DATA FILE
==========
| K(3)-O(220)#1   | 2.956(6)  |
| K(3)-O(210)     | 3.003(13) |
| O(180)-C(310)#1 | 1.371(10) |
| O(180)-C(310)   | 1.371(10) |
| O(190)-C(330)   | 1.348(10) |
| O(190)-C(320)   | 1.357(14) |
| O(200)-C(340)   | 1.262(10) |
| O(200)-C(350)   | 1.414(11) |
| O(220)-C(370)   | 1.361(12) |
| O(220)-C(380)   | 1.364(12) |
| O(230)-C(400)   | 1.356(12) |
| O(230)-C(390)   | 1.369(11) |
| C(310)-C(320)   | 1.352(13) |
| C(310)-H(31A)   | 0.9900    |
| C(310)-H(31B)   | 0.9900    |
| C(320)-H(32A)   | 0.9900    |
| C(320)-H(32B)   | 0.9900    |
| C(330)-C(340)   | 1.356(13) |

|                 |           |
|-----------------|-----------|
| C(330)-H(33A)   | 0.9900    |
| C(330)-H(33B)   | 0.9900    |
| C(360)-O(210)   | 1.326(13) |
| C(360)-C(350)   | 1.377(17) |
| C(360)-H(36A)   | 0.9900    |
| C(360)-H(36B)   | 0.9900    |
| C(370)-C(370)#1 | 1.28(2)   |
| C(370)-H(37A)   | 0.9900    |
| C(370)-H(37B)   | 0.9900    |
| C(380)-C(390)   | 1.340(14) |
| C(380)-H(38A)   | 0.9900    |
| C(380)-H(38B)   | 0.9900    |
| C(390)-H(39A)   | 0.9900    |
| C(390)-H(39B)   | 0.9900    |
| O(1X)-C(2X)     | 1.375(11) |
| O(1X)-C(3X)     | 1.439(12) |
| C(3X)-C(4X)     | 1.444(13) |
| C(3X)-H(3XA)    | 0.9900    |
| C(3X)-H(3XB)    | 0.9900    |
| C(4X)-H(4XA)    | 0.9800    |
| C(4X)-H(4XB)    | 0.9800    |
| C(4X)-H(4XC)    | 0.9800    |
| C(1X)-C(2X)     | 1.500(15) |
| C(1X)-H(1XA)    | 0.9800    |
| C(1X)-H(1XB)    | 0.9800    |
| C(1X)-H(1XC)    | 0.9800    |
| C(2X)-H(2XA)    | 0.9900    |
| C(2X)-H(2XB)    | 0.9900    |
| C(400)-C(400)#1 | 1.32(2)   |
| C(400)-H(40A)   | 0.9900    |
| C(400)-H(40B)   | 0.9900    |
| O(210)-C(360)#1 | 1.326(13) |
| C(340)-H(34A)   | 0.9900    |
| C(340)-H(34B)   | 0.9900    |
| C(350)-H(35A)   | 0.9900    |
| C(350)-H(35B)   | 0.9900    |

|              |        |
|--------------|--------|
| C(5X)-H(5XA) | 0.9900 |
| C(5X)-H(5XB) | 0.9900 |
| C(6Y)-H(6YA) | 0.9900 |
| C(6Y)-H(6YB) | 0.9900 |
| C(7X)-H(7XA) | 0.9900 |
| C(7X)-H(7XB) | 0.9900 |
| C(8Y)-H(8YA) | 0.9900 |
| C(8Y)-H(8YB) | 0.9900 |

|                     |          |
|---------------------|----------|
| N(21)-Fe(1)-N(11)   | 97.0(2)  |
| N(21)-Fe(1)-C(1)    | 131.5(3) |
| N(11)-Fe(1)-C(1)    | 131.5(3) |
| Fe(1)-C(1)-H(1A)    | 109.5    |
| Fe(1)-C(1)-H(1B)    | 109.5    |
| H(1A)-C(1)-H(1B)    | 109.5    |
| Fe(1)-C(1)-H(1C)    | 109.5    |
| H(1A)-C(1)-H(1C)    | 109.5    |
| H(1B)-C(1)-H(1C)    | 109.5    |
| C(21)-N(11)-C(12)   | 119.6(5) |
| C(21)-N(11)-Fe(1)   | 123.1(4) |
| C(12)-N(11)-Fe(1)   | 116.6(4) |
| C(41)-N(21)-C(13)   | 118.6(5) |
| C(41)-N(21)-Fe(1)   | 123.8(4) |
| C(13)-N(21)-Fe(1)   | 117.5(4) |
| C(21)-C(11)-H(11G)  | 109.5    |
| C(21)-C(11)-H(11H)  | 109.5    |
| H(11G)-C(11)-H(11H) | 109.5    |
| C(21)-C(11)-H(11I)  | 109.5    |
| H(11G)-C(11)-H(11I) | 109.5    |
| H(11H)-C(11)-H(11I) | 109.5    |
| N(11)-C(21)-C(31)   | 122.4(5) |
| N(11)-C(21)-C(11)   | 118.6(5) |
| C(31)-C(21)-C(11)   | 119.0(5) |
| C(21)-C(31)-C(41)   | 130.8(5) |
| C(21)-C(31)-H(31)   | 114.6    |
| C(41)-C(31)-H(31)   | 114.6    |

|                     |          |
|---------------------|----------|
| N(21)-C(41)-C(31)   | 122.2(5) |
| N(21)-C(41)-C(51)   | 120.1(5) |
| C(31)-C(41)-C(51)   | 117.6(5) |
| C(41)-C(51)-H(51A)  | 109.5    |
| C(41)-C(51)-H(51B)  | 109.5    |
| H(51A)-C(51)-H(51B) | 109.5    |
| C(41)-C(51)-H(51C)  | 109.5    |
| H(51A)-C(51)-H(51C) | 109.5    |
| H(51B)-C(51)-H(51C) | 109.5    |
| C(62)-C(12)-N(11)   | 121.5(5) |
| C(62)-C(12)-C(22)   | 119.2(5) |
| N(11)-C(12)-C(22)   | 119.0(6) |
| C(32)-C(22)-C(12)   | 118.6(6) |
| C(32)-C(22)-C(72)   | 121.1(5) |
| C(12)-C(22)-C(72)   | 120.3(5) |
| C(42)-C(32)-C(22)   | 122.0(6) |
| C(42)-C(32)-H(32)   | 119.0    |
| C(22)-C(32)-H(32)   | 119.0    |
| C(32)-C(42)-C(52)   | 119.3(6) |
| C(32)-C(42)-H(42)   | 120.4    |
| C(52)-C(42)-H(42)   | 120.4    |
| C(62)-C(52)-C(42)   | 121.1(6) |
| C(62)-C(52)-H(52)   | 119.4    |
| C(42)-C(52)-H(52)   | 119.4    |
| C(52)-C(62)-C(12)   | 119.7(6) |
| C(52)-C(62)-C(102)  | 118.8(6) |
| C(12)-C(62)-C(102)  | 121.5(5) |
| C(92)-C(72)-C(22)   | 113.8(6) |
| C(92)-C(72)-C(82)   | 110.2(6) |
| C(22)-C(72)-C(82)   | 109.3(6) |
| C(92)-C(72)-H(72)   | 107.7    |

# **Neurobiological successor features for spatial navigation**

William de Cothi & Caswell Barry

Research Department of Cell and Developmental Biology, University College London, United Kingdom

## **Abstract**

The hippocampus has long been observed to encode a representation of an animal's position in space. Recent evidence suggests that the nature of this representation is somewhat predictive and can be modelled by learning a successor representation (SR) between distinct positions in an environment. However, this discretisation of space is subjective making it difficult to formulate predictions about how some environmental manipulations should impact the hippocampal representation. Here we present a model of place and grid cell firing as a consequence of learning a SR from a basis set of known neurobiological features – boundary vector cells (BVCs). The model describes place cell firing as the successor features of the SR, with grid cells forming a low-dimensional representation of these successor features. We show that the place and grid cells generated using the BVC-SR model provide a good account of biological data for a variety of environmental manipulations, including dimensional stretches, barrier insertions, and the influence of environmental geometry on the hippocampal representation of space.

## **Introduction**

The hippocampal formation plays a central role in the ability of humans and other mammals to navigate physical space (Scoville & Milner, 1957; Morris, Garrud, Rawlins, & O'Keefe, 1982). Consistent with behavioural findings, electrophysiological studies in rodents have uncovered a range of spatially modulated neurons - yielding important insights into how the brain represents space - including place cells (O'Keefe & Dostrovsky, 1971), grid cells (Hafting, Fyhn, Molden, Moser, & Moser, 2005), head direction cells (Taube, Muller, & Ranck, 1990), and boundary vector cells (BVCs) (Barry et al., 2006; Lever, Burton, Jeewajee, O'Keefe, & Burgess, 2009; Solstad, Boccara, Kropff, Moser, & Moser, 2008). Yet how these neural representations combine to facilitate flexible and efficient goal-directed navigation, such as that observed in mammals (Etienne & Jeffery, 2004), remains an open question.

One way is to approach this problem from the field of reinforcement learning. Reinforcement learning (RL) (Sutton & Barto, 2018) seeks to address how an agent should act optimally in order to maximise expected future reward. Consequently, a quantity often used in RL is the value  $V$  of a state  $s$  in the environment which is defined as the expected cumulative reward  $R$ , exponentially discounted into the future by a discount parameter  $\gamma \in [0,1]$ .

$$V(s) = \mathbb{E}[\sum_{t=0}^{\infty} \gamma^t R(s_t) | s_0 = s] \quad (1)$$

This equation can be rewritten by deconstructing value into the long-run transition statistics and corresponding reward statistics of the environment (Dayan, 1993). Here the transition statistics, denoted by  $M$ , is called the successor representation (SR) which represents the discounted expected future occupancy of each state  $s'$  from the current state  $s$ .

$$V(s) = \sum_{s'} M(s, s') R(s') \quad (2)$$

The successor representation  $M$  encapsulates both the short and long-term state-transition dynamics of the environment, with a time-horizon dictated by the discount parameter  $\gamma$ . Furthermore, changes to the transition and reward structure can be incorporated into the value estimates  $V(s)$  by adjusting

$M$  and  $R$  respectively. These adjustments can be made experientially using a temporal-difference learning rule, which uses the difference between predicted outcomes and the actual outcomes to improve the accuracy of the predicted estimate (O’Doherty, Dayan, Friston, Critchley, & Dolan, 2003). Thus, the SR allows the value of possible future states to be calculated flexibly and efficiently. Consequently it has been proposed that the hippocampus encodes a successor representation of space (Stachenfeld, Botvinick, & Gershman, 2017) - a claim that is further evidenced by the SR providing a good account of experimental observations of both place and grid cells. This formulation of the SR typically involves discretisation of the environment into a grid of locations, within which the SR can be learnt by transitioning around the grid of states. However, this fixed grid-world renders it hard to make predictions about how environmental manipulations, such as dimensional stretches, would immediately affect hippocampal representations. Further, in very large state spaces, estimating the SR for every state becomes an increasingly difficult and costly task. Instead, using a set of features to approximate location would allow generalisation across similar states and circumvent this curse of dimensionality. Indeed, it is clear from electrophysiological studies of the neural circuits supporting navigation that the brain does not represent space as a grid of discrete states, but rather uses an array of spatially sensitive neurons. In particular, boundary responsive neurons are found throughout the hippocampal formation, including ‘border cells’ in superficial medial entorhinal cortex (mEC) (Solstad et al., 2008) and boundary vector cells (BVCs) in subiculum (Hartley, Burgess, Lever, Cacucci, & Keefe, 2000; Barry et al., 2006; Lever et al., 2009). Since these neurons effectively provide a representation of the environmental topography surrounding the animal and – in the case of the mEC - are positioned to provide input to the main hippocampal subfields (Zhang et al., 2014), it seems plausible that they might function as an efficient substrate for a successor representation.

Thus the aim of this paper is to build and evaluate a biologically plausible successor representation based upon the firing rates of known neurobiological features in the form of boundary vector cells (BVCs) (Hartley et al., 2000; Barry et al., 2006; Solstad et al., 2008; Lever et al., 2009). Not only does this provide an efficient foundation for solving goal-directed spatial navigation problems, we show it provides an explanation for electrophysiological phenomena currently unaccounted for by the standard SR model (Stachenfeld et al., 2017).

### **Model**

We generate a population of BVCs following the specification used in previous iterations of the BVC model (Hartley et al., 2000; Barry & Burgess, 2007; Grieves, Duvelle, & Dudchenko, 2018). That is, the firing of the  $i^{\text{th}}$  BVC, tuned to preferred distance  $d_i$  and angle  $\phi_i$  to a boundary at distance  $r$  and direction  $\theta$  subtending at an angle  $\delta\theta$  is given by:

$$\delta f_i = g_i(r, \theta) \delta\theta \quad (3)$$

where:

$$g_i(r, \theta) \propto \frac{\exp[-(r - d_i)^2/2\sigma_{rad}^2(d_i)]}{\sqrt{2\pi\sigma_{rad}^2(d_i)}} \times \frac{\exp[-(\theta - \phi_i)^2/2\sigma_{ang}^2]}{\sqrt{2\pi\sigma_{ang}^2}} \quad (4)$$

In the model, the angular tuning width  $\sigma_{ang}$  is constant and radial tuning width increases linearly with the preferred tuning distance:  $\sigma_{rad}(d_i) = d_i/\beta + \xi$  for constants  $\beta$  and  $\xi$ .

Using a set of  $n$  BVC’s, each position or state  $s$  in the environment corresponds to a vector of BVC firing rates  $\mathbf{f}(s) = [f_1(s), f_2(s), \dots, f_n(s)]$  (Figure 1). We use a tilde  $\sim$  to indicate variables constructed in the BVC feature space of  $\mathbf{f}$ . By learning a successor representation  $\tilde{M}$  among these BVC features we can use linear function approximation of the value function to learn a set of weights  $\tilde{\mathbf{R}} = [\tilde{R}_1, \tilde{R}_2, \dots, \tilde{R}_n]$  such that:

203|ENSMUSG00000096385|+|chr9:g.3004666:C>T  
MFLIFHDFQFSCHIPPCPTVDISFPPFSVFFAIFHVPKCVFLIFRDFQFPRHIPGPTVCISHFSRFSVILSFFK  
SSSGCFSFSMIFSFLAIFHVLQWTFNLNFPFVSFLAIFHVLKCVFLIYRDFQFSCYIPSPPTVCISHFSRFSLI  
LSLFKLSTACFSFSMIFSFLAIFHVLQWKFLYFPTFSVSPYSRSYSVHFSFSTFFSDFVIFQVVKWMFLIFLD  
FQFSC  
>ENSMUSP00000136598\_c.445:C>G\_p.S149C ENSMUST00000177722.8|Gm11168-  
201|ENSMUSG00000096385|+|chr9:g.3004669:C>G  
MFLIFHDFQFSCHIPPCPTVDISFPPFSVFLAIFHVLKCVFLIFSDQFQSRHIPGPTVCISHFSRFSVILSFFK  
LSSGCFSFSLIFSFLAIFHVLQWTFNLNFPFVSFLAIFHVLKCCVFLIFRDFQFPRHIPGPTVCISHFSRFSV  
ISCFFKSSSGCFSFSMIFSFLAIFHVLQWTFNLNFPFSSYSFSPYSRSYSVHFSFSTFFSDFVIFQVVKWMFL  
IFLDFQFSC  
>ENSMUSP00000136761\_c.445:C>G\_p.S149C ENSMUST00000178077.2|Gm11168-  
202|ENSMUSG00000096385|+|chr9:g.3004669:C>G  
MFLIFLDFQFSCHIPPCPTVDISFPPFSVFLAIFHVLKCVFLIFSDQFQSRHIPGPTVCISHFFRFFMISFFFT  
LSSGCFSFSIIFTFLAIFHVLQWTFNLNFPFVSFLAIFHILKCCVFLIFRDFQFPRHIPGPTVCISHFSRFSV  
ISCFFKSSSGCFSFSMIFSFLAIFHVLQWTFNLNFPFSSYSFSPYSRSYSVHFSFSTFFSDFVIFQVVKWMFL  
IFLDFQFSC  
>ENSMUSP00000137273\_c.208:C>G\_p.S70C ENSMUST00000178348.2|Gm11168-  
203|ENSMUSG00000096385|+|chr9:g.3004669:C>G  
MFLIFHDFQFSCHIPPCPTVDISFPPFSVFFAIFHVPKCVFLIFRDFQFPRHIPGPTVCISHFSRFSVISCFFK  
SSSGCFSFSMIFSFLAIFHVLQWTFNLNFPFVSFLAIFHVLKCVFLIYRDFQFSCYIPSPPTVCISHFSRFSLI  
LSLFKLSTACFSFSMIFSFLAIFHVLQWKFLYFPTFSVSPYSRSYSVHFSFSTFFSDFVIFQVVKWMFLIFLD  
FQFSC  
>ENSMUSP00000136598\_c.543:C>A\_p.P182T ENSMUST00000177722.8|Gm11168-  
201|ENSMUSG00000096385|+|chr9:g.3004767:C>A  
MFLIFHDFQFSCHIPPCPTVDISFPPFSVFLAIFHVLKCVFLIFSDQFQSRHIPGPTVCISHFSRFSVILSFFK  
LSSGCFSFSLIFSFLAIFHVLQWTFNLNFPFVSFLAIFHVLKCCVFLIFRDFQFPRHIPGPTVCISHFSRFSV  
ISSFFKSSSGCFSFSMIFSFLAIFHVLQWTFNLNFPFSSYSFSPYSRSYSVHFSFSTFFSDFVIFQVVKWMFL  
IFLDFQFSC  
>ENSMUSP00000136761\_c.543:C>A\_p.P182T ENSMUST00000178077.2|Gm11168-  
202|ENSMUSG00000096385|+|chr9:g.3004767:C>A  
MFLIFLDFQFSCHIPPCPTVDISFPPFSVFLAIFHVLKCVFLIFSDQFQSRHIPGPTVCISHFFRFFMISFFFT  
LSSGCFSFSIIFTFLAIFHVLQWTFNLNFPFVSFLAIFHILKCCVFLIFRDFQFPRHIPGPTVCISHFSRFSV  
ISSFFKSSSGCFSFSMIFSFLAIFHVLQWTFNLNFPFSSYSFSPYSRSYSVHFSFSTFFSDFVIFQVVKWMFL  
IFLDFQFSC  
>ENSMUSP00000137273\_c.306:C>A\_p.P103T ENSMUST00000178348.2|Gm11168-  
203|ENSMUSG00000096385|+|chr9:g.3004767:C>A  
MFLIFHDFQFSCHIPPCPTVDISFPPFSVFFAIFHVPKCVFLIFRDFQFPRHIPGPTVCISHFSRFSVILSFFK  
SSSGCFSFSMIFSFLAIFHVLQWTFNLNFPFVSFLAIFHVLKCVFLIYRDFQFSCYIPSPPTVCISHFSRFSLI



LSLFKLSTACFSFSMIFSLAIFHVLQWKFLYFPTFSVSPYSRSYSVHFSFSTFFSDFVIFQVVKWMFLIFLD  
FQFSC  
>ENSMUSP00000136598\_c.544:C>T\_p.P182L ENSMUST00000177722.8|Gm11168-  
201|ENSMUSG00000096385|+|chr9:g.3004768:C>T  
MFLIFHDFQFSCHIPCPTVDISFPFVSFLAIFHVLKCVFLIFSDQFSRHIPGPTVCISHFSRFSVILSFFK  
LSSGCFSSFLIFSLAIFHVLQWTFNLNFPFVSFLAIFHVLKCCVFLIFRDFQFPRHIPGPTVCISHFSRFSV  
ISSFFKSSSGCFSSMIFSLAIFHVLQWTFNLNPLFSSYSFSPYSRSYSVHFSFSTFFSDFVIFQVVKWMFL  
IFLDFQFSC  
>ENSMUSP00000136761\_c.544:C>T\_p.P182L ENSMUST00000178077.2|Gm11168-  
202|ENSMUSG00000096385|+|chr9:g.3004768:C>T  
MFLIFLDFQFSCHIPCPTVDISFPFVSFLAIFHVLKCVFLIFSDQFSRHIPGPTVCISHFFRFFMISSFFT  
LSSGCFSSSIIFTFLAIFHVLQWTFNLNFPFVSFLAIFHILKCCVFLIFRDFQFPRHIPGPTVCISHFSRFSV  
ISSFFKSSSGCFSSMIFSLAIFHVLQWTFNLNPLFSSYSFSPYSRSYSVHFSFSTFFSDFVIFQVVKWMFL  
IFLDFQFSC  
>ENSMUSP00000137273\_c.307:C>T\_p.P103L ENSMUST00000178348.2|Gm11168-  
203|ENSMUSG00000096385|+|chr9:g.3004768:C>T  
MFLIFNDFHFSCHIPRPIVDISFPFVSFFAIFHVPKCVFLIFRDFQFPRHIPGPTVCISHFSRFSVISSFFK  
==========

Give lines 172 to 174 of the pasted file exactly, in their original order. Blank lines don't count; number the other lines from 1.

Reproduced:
FQFSC  
>ENSMUSP00000136598\_c.543:C>A\_p.P182T ENSMUST00000177722.8|Gm11168-  
201|ENSMUSG00000096385|+|chr9:g.3004767:C>A  